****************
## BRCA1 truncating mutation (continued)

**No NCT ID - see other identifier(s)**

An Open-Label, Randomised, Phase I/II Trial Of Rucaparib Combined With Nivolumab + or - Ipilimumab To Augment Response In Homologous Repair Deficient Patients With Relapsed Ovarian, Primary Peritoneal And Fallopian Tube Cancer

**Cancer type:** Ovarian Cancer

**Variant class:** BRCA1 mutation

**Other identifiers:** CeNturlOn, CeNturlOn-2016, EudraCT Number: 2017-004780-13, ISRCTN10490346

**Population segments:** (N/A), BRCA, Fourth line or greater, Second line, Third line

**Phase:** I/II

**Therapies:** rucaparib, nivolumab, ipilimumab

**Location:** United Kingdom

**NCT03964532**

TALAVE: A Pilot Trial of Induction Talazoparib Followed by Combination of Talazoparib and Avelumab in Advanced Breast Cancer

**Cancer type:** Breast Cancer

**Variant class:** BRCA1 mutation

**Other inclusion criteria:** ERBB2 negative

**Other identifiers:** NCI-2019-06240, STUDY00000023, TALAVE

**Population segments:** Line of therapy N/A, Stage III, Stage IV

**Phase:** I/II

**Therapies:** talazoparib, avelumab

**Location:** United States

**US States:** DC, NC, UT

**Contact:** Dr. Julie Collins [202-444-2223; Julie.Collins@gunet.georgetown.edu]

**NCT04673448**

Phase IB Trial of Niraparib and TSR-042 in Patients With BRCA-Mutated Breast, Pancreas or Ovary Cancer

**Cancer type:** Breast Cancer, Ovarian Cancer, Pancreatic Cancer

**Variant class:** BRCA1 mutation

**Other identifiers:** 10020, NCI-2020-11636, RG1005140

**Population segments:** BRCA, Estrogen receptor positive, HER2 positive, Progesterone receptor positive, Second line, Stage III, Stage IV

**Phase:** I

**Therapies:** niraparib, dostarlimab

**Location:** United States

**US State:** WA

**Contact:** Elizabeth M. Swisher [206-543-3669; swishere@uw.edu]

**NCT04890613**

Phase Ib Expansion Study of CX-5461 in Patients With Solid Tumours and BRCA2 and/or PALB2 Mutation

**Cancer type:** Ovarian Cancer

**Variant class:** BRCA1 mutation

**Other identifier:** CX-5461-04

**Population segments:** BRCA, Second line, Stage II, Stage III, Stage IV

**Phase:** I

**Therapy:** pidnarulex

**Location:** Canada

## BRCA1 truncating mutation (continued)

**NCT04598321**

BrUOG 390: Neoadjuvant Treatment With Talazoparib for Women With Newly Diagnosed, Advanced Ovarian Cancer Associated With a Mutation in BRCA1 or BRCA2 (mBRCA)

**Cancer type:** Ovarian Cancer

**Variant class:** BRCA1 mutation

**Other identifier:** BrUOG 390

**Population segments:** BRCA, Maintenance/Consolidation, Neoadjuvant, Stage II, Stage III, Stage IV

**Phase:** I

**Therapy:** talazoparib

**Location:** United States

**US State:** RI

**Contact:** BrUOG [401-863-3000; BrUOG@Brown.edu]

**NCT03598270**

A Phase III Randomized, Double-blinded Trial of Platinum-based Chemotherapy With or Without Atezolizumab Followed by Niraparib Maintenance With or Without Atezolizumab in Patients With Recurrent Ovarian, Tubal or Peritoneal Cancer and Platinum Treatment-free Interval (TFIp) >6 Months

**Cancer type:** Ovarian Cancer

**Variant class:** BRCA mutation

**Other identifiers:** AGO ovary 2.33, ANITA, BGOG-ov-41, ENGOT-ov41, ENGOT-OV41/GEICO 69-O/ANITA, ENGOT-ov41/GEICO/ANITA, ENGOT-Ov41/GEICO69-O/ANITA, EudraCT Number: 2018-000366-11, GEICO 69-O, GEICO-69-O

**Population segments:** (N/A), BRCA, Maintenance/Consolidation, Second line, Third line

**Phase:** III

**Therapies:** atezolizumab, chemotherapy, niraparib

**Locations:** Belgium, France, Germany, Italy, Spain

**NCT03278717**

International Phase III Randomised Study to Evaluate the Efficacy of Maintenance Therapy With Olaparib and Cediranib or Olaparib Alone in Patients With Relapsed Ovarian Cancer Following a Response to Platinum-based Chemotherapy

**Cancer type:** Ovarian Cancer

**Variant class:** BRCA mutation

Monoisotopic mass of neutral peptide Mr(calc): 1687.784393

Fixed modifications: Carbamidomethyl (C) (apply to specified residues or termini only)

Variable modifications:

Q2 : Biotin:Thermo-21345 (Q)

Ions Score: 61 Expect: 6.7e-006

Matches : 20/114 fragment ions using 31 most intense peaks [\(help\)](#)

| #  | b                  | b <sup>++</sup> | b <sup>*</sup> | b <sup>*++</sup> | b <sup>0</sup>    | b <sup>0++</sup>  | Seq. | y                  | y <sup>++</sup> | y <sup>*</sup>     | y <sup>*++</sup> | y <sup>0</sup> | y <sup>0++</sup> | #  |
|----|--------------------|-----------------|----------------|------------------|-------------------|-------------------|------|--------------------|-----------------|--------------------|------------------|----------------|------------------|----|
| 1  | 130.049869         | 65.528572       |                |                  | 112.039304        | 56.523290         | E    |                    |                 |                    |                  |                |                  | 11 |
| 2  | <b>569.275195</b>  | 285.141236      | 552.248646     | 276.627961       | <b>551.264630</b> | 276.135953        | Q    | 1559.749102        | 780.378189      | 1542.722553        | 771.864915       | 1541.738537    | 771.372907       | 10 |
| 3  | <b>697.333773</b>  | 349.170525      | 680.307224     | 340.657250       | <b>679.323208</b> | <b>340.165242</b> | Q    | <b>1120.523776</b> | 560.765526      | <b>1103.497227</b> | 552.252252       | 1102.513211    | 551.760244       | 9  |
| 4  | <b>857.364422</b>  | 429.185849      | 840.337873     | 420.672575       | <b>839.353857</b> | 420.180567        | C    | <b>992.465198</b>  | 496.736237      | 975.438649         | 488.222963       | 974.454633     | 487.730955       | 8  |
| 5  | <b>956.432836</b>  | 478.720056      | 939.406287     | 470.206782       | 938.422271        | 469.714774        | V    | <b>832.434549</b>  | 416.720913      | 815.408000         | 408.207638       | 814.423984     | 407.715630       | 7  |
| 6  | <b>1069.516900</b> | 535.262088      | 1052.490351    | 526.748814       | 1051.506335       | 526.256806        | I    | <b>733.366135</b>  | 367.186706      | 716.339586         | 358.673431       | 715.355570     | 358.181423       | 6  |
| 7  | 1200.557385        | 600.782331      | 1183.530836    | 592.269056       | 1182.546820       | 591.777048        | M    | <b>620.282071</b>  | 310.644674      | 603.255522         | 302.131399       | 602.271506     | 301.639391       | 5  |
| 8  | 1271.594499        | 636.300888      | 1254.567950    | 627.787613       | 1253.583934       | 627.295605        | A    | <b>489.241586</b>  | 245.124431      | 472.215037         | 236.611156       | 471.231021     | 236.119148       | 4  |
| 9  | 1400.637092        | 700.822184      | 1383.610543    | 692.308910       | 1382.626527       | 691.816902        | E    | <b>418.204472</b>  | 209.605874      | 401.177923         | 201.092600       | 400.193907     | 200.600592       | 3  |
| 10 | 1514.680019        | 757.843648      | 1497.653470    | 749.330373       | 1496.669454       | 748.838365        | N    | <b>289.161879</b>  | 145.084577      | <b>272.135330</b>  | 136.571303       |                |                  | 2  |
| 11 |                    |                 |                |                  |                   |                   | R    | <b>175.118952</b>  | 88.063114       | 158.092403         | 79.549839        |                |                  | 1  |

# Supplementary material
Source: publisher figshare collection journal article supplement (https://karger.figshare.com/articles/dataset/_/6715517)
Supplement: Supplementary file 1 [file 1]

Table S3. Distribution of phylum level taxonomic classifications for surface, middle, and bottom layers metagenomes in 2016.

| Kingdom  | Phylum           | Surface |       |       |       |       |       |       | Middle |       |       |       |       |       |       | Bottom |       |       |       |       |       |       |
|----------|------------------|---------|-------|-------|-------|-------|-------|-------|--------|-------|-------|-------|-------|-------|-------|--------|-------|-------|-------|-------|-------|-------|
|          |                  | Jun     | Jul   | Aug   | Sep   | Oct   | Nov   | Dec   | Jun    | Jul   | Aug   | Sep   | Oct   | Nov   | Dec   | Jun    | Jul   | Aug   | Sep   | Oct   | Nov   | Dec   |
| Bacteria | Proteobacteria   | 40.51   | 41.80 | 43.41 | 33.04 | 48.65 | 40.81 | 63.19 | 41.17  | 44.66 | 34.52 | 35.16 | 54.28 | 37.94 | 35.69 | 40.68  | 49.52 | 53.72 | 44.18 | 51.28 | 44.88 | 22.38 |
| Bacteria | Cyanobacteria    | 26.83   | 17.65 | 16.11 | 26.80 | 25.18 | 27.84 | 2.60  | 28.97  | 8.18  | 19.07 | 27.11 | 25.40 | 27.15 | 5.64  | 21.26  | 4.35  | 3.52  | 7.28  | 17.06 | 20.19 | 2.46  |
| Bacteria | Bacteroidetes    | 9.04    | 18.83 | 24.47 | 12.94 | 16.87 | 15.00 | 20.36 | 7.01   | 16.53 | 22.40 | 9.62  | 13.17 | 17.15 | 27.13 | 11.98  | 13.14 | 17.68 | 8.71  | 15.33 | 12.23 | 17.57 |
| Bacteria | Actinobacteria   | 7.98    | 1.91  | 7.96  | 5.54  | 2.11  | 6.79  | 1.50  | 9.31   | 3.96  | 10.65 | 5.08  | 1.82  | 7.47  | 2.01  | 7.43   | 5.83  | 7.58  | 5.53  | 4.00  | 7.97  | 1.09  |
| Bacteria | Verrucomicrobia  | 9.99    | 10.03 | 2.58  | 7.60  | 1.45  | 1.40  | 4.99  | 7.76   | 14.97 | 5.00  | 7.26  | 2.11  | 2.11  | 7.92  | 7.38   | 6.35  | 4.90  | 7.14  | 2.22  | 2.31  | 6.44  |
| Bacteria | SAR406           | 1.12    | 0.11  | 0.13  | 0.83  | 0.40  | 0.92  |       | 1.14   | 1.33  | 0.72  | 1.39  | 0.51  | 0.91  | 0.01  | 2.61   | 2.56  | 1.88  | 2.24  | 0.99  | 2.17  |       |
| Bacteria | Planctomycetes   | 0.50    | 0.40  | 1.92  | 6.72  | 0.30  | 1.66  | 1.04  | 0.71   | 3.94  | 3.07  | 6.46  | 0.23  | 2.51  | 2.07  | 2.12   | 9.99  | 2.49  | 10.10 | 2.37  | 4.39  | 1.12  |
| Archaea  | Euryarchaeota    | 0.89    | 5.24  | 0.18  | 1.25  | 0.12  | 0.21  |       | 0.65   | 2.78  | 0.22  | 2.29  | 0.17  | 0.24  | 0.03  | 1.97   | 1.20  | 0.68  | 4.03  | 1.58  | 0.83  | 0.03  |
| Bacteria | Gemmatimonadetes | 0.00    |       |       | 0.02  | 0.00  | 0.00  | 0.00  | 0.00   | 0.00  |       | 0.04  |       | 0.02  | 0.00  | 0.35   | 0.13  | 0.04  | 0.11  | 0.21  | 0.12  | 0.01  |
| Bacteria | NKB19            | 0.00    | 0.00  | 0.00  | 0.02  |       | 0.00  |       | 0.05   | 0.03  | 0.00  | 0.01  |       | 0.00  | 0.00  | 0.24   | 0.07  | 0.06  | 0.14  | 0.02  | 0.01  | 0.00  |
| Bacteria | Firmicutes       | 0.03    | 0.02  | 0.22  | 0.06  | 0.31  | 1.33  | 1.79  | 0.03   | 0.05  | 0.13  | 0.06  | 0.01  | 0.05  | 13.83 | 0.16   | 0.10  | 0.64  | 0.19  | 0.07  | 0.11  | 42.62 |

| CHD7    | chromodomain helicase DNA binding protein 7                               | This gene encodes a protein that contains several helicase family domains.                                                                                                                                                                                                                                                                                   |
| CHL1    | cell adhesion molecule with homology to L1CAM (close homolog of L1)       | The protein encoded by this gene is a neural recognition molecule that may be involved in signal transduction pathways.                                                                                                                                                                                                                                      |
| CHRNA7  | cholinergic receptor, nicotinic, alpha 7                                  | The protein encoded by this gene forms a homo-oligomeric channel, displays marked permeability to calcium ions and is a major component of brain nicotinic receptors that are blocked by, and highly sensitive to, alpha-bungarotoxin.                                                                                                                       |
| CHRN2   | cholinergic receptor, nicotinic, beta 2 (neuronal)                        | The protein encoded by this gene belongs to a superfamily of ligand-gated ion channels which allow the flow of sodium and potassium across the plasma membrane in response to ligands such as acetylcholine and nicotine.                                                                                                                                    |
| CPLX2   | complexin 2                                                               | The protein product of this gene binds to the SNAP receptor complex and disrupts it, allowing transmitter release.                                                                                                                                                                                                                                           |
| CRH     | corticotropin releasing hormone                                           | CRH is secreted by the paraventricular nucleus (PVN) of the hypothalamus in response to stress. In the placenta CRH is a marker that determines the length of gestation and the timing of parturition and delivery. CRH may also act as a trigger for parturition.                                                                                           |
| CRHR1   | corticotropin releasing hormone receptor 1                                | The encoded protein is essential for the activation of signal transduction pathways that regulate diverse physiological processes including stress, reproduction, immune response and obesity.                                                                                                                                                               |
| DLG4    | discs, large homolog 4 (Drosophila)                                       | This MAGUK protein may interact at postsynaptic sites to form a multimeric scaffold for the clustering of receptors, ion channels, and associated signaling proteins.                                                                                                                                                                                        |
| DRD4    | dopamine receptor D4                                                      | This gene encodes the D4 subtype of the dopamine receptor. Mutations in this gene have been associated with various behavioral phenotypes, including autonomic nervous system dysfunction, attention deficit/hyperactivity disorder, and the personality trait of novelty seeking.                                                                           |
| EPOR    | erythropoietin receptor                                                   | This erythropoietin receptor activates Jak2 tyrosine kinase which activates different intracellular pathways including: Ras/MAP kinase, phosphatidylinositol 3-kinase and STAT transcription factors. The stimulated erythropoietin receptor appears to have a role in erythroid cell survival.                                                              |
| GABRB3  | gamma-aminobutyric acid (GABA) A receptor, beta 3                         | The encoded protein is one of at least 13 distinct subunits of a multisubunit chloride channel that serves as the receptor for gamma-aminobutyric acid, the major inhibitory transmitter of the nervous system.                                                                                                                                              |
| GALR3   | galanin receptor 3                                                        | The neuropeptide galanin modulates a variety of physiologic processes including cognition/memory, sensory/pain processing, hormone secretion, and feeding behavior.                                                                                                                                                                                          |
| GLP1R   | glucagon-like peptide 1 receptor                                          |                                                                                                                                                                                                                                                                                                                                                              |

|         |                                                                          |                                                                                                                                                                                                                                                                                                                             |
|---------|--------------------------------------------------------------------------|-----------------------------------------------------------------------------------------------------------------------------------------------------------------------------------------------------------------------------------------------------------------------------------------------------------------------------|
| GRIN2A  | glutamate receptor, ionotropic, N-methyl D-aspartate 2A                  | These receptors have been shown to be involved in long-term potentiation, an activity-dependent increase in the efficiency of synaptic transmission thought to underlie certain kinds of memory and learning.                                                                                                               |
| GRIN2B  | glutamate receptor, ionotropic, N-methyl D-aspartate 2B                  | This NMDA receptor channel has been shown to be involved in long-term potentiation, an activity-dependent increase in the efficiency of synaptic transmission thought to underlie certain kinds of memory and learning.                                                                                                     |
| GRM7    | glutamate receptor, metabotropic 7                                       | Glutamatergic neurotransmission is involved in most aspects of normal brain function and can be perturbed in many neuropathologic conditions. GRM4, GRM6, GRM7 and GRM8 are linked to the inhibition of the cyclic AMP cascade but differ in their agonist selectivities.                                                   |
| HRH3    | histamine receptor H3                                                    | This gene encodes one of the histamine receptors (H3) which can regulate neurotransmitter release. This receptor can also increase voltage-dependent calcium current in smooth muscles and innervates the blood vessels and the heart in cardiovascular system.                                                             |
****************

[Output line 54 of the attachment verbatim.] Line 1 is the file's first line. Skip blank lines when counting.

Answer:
**Contact:** BrUOG [401-863-3000; BrUOG@Brown.edu]